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Tuesday, August 9, 2022

Alexa to bring back the voice of deceased people


How many times have we wanted to hear, even just one more time, the voice of someone we love who passed away? Alexa, Amazon's virtual assistant, will be able in the near future to give that opportunity to its customers through sound messages that will bring back to our ears the one we miss so much.

Through Artificial Intelligence (AI), the application's engineers will be able to imitate the voices of those deceased people we wish to hear again in sound messages with a maximum duration of one minute.

"Many of us have lost a loved one, and while AI can't take away the pain of loss, it can make their memories last," said Rohit Prasad, senior vice president and chief scientist of artificial intelligence at Alexa during his keynote at the re:MARS conference, which is being held in Las Vegas, Nevada.

The development of what will be, one of Alexa's many functions, is based on replicating the speech of a dead relative, based on less than a minute of recorded audio from the original person.

During Amazon's global Artificial Intelligence event for machine learning, automation, robotics and space. re:MARS, the executive gave a demonstration of what the assistant will be able to do through an Echo Dot.

"Alexa, can Grandma finish reading me The Wizard of Oz?" asked Prasad aloud. The assistant, in her typical voice replied "Okay!" Then, as the device began to narrate a scene of the Cowardly Lion asking for courage, Alexa's robotic tone was replaced by a more human-sounding narrator.

"Instead of Alexa's voice reading the book, it's the voice of the child's grandmother," Rohit Prasad enthusiastically explained.

The goal of such a feature of Alexa, Amazon's virtual assistant, which is still in development, is to build greater trust with users by infusing artificial intelligence with the "human attributes of empathy and affection."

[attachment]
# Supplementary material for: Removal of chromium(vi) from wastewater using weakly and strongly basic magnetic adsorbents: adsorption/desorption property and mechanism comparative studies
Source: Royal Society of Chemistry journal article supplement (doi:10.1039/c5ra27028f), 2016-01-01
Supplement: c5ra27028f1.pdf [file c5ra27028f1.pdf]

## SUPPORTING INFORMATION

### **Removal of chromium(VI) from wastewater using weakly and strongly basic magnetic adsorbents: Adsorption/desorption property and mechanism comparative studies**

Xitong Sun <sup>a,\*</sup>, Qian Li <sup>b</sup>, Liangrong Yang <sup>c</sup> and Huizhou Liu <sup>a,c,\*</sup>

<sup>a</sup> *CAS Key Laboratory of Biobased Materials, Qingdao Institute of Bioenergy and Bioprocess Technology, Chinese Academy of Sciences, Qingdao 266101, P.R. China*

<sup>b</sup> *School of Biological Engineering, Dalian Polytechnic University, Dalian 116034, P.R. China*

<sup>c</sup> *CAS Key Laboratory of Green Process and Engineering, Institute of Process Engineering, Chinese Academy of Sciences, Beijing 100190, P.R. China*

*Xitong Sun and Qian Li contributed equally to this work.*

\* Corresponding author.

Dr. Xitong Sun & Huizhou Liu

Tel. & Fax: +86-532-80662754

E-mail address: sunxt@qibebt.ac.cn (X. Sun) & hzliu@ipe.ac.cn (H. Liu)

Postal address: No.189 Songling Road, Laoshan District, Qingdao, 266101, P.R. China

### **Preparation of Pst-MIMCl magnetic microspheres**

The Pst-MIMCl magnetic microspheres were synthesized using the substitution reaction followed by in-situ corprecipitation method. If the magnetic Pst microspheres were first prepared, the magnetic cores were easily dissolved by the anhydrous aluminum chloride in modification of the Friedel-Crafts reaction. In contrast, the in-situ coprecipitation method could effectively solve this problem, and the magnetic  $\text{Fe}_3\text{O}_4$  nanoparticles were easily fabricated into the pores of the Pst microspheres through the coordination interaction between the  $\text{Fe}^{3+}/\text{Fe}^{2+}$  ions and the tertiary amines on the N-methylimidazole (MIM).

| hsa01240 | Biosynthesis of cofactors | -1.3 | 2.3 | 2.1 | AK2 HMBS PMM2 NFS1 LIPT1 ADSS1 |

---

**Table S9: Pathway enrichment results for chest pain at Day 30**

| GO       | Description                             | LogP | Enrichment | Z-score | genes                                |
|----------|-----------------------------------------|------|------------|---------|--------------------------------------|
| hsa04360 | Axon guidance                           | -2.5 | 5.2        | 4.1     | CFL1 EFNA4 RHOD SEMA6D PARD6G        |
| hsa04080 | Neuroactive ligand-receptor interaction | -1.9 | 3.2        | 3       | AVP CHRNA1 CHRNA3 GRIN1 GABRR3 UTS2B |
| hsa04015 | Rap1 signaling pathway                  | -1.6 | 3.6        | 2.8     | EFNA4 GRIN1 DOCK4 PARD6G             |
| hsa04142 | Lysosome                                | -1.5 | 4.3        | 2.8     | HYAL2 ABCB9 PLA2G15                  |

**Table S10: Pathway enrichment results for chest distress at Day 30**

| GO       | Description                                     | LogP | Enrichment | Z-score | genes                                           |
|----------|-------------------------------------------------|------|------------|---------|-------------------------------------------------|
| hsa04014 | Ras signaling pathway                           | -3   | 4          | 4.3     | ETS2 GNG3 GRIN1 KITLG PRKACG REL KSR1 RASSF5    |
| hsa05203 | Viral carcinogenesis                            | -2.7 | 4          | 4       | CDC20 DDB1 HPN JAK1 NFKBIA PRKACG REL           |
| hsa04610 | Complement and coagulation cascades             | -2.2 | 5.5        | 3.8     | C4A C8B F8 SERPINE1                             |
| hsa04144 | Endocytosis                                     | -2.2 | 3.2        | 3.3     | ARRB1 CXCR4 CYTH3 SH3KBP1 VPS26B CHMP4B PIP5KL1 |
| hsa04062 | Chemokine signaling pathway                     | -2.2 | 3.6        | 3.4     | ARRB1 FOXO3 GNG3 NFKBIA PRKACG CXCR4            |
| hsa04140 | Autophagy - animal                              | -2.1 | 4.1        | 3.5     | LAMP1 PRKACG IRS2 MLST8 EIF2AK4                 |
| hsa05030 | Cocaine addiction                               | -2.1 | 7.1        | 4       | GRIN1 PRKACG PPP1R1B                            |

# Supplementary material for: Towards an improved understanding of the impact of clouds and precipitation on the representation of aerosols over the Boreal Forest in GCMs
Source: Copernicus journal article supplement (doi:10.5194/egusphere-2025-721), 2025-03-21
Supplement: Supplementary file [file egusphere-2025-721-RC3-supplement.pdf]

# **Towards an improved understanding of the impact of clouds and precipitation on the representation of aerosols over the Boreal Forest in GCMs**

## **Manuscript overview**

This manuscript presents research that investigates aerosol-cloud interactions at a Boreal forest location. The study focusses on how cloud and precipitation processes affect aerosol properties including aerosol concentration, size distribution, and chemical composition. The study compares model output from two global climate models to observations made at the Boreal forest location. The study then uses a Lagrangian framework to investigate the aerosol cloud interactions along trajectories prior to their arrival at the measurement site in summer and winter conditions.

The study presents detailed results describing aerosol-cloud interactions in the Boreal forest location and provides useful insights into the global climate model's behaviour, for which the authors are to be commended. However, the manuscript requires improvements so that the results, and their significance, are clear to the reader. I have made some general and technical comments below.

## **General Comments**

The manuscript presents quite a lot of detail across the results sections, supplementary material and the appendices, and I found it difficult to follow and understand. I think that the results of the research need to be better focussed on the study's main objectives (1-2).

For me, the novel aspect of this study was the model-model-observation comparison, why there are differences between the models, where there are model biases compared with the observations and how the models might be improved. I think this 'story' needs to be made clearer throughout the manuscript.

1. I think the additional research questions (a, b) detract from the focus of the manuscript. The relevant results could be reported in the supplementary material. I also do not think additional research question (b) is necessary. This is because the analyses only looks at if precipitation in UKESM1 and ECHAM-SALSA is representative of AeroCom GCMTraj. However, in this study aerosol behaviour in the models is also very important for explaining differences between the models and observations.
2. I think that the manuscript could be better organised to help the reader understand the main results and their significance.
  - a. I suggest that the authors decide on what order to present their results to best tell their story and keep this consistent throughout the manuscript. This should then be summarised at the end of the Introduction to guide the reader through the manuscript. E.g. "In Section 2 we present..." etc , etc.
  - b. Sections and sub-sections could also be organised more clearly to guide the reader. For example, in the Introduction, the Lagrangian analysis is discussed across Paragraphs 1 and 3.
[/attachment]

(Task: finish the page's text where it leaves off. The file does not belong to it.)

The engineer mentioned that Amazon developers learned to "produce a high quality voice with less than a minute of recording" in addition to focusing on the ability to reproduce the voice of a deceased loved one as a conversion task and not voice generation.

Rohit Prasad emphasized that the advances that the device has made in terms of its functions come from the same needs that users have pointed out over time.

Although he did not indicate when this function would be available, he did emphasize that they are working on it.

"Undoubtedly, we are living in the golden age of AI, where our dreams and science fiction are becoming reality," Prasad said.

Not everyone welcomed the announcement with enthusiasm, as experts said that while the prospect of hearing the voice of a dead relative can touch the heart, it also raises a host of ethical and safety concerns.

"I don't feel like our world is ready for easy-to-use voice cloning technology," Rachel Tobac, CEO of San Francisco-based SocialProof Security, told The Washington Post.

He further detailed that, if a cybercriminal can easily and credibly replicate another person's voice with a small voice sample, they can use that sample to impersonate other people, which can lead to impersonation, fraud, data loss, account takeovers and more.

With information from The Washington Post.

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